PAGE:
We are very fortunate that later this month, one of NCJFCJ’s subject-matter experts will be writing an article for this series specifically on the intersection of social-media and teen dating violence. For the moment, I would encourage all judges to research the many ways social media can be used positively to help respond to teen dating violence victims. The National Center for State Courts (NCSC) has an extensive guide on how courts and judges can use social media to increase access in novel new ways. Futures Without Violence also publishes the Leveraging Social Media to Talk to Teens about Dating Violence guide.

  1. You can’t do it alone: Talk to community partners.

If there is one thing we judges have learned over the past four decades about domestic violence, it is understanding that neither judges nor courts can do it alone. Community collaborative systems provide the best results for survivors and are among the most effective forms of accountability to teen abusers. When the court acts as a centerpiece of community systems addressing dating violence, some of the burden can be relieved from resource-limited probation and court staff. At the same time, proper communication between agencies like the school district, batterer intervention programs (BIP’s) and victim services can allow the court to react faster to high risk cases.

Reaching out to community leaders to form partnerships is the first step to achieving an organized collaborative response to this issue. For example, the Pennsylvania Coalition Against Domestic Violence notes that faith leaders can “Speak out against domestic violence [and help] address behaviors that [promote] violence against women and girls.” Futures Without Violence also notes that “Health care providers such as school nurses, family doctors, health clinics and medical centers can be key to both intervention and prevention… [and are] people that young teens and their parents look to and trust.” The Native American Communities Justice Project in California suggested that “Instruction by Native trainers in Native American communities about how to use the state court system,” might also be helpful to bridge divides between native communities, families and the courts.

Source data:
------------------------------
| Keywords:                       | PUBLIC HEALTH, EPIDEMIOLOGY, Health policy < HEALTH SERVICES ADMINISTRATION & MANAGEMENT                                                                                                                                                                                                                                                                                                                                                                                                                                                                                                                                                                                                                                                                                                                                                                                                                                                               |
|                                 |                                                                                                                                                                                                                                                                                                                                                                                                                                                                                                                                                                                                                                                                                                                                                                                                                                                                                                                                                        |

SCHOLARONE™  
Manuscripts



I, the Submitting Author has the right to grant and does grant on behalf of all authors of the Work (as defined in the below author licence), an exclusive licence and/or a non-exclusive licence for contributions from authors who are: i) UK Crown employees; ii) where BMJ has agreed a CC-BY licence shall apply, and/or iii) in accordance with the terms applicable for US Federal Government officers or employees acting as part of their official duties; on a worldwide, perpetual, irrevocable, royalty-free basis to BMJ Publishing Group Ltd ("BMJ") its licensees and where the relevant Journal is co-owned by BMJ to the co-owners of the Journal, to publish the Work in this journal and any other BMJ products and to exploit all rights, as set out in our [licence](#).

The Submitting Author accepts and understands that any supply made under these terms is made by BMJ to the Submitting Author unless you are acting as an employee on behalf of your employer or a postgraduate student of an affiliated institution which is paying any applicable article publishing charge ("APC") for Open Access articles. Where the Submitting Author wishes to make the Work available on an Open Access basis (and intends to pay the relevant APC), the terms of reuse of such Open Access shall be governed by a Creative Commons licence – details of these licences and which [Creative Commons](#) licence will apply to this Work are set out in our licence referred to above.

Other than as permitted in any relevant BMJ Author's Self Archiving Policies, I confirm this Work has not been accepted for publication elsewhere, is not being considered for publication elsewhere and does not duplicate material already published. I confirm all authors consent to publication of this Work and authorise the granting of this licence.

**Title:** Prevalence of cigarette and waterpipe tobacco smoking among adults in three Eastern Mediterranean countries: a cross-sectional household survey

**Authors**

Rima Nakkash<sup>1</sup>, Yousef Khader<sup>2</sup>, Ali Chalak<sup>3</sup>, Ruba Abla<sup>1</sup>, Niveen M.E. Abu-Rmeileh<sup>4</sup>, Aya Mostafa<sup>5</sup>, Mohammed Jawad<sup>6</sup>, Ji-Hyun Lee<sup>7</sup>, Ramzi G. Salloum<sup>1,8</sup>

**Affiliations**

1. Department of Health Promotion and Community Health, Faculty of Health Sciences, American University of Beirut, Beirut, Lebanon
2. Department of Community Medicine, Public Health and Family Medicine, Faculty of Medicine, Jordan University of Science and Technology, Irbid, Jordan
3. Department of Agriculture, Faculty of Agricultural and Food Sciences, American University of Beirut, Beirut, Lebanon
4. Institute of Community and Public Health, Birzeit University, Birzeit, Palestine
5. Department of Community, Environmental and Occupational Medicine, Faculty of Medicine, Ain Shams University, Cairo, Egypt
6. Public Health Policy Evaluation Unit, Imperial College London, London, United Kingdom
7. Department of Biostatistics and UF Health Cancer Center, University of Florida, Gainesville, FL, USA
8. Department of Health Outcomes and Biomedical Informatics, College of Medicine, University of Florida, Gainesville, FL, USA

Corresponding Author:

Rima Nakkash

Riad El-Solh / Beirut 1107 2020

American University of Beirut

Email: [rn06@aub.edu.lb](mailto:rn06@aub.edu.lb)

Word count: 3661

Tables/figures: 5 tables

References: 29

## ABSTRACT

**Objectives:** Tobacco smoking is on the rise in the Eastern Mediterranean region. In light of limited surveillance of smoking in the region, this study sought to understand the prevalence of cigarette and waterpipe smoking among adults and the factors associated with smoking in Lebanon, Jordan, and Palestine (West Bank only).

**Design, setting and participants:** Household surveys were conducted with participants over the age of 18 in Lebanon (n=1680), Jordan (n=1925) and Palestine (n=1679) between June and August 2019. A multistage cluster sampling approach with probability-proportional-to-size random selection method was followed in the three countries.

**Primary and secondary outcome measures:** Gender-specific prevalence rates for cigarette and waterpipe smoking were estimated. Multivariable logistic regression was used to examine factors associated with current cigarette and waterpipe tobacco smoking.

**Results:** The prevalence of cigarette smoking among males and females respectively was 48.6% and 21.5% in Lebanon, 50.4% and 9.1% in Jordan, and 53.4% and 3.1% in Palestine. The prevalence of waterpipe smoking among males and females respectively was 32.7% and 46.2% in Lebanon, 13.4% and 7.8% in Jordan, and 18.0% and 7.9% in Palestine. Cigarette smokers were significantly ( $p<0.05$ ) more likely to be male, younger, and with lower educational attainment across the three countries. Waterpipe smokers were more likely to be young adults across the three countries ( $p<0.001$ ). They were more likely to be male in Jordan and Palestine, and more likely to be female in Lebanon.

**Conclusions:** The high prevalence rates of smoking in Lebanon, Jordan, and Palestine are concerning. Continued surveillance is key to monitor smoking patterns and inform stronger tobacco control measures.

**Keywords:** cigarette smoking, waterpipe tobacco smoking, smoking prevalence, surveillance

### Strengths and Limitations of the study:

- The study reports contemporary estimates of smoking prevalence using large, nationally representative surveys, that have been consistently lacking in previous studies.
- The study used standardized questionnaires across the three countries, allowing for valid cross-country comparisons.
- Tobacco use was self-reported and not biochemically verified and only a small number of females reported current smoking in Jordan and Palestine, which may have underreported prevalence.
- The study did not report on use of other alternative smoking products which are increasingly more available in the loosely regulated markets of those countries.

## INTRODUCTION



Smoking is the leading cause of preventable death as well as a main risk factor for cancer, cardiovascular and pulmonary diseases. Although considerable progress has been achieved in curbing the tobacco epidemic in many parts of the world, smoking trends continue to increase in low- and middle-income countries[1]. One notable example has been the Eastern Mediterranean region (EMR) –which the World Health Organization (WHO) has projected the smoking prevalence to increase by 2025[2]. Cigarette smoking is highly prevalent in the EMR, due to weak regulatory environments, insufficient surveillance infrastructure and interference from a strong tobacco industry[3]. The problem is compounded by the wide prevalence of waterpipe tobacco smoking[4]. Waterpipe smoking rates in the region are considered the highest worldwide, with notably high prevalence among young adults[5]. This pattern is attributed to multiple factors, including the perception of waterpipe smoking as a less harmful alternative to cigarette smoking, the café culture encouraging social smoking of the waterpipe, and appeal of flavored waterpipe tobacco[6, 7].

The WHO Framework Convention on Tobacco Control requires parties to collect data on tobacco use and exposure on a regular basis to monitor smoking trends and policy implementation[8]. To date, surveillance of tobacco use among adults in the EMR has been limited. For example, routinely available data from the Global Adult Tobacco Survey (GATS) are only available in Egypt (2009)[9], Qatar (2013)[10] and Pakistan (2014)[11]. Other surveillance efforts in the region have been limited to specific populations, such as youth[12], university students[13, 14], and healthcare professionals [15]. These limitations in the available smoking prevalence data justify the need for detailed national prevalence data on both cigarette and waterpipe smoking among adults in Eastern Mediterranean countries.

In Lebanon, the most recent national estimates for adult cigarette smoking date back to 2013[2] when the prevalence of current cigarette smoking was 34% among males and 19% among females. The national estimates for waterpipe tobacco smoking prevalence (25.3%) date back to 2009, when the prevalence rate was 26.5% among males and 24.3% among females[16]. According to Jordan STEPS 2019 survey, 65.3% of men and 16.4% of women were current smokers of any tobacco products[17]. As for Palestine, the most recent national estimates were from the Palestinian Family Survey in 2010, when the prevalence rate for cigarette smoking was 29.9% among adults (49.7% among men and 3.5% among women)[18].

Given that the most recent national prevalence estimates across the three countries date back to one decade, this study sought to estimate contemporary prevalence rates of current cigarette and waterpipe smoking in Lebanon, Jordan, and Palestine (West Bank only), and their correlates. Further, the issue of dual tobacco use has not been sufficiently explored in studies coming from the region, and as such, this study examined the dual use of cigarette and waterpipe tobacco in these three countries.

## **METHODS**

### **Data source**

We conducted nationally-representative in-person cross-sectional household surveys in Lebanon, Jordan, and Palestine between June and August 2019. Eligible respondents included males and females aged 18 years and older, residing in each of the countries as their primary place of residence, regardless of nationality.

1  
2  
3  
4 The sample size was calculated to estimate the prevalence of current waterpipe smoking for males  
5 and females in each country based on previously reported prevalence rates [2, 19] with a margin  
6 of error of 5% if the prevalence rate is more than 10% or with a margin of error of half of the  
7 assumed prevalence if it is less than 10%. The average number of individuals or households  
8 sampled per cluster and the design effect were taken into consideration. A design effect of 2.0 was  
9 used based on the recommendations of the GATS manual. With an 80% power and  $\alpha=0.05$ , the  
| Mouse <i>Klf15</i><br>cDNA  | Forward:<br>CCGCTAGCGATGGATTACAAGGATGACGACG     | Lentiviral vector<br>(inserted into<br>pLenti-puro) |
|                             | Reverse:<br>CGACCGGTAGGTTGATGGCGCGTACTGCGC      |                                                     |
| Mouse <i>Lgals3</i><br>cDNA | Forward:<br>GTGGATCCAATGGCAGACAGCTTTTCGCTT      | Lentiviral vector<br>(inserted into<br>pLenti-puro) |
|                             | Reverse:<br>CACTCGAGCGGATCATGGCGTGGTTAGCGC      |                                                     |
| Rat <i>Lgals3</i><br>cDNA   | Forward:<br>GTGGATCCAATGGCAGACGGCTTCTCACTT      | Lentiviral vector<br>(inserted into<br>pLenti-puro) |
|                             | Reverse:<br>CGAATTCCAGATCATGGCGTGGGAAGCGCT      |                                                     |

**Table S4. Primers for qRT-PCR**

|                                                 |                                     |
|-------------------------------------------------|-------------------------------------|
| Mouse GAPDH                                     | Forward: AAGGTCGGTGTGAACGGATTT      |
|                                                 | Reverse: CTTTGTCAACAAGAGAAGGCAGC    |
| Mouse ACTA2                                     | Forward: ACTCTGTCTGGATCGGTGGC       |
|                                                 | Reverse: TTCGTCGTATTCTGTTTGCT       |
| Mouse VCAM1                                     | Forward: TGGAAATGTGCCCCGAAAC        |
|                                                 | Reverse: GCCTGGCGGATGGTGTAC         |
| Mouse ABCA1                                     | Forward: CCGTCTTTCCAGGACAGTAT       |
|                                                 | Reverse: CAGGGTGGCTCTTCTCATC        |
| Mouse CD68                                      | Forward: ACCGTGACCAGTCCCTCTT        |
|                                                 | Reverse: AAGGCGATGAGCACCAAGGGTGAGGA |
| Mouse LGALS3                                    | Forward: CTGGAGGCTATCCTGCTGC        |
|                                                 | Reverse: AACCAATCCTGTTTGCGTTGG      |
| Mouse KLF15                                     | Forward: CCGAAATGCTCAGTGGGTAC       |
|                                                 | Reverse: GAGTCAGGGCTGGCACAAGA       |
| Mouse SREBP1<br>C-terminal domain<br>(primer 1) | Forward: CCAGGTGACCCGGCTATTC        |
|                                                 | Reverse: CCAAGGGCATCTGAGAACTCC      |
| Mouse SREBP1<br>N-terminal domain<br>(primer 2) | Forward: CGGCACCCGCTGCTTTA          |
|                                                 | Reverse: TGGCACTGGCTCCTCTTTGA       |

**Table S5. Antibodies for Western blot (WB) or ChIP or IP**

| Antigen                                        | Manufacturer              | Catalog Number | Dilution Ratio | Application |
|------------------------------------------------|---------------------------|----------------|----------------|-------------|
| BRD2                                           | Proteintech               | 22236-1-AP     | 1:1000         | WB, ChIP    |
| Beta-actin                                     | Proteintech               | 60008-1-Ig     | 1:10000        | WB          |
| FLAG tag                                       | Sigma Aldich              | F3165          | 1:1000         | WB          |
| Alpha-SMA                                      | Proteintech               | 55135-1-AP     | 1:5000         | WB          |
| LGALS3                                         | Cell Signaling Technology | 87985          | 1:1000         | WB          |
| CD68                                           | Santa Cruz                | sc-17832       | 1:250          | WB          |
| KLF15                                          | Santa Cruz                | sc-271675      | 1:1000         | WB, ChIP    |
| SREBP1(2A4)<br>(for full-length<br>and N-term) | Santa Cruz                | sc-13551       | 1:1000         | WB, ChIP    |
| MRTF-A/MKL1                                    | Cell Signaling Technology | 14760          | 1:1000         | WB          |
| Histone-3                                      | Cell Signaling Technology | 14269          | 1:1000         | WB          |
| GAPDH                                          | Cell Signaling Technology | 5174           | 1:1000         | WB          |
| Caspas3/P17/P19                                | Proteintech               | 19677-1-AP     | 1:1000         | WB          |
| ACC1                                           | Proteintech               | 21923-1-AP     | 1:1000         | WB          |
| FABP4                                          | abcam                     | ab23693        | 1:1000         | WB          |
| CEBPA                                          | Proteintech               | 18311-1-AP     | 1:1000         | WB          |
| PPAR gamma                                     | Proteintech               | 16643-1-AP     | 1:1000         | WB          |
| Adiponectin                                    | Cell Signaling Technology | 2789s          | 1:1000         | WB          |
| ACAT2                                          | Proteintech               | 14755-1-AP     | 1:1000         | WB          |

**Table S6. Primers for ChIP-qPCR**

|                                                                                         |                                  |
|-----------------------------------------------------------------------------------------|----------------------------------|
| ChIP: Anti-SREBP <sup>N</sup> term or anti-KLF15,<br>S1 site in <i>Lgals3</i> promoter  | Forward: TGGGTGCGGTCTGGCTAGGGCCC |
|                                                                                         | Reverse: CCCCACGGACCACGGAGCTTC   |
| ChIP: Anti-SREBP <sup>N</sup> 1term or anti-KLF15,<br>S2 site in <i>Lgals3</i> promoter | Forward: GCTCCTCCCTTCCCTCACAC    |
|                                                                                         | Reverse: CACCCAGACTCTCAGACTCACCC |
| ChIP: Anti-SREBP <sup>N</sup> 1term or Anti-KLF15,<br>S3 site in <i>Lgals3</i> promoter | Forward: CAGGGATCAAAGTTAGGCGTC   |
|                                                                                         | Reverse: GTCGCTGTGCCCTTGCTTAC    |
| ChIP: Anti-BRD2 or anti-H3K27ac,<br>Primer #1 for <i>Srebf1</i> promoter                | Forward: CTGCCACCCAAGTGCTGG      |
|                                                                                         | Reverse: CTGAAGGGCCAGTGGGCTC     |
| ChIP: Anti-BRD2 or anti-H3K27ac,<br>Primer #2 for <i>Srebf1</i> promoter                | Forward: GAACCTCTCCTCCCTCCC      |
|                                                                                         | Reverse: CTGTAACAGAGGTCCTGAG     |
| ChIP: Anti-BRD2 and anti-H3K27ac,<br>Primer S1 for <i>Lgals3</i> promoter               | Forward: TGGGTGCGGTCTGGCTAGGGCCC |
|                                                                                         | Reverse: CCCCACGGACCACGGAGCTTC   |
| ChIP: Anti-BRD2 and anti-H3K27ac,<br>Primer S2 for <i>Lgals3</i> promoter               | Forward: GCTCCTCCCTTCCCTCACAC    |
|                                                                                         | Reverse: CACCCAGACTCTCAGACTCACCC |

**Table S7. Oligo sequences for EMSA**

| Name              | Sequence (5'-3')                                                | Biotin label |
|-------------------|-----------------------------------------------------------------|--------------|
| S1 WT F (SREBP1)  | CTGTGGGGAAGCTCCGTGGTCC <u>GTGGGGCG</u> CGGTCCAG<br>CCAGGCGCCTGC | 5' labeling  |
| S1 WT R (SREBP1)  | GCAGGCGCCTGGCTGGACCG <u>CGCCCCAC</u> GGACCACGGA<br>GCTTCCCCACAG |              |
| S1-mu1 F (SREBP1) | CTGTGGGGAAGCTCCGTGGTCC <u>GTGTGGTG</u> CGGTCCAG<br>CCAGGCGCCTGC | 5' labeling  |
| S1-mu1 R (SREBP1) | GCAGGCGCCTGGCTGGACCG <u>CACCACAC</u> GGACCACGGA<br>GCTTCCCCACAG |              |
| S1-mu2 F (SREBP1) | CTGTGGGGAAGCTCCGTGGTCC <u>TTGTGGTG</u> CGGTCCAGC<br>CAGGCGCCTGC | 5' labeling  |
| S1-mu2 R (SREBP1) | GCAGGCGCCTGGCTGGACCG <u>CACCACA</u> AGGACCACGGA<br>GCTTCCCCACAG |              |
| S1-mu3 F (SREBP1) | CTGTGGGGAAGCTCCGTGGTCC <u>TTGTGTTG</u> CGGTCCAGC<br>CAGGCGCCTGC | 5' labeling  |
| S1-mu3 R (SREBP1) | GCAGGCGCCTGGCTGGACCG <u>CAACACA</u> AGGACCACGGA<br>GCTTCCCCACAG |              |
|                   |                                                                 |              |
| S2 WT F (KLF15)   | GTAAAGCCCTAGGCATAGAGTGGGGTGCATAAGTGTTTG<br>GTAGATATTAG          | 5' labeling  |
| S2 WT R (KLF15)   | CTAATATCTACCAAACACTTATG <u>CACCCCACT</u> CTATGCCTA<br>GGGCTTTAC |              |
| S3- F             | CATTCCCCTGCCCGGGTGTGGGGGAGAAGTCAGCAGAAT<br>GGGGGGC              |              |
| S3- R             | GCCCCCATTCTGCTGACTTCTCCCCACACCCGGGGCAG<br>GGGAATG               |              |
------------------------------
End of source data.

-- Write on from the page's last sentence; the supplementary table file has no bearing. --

1. Ensure the door to your court is open (and they know how to get there).

If there is one thing that your teen survivor should remember from her court experience, it is the door to your court is always open. The immense societal pressure that teen survivors face to drop protection orders and return to their abusers is magnified in the complex world of adolescence. Being a teen is not easy. Being a teen survivor is much, much harder. As a judge, it is important to remember that “Eighty-one (81) percent of parents believe teen dating violence is not an issue…,” according to the Family Violence Prevention Fund and Advocates for Youth. As judges, the message we should communicate to teen survivors in the courtroom is that we believe violence is an issue, and we take their safety very seriously, even if others do not. The importance of this to young teens who are trapped in abusive relationships cannot be overstated. A teen survivor who hears this message from a judge, understands that the court is a safe place to seek protection…and that is a good place for any judge to start.

4 responses

  1. The author claimed:

    “As with adult domestic violence, teen dating violence is a gendered phenomenon and there is a substantial overrepresentation of young teen girls who are victims of dating violence.”

    Can you please offer your sources to back up such a claim? From my reading of the research it is more a complicated situation that is far from being clearly “gendered.” Just a look at this bibliography which offers a huge number of studies that would question your statement. https://web.csulb.edu/~mfiebert/assault.htm

    It is a sad fact that male victims of domestic violence have been ignored for many years. I wrote a report on how and why this happened for the State of Maryland. It is a fascinating and sobering story. You can find it here http://whitehouseboysmen.org/maryland-report-male-victims-of-domestic-violence

    Like

  2. Pingback: 8 things judges need to know about teen dating violence – Humanity is Action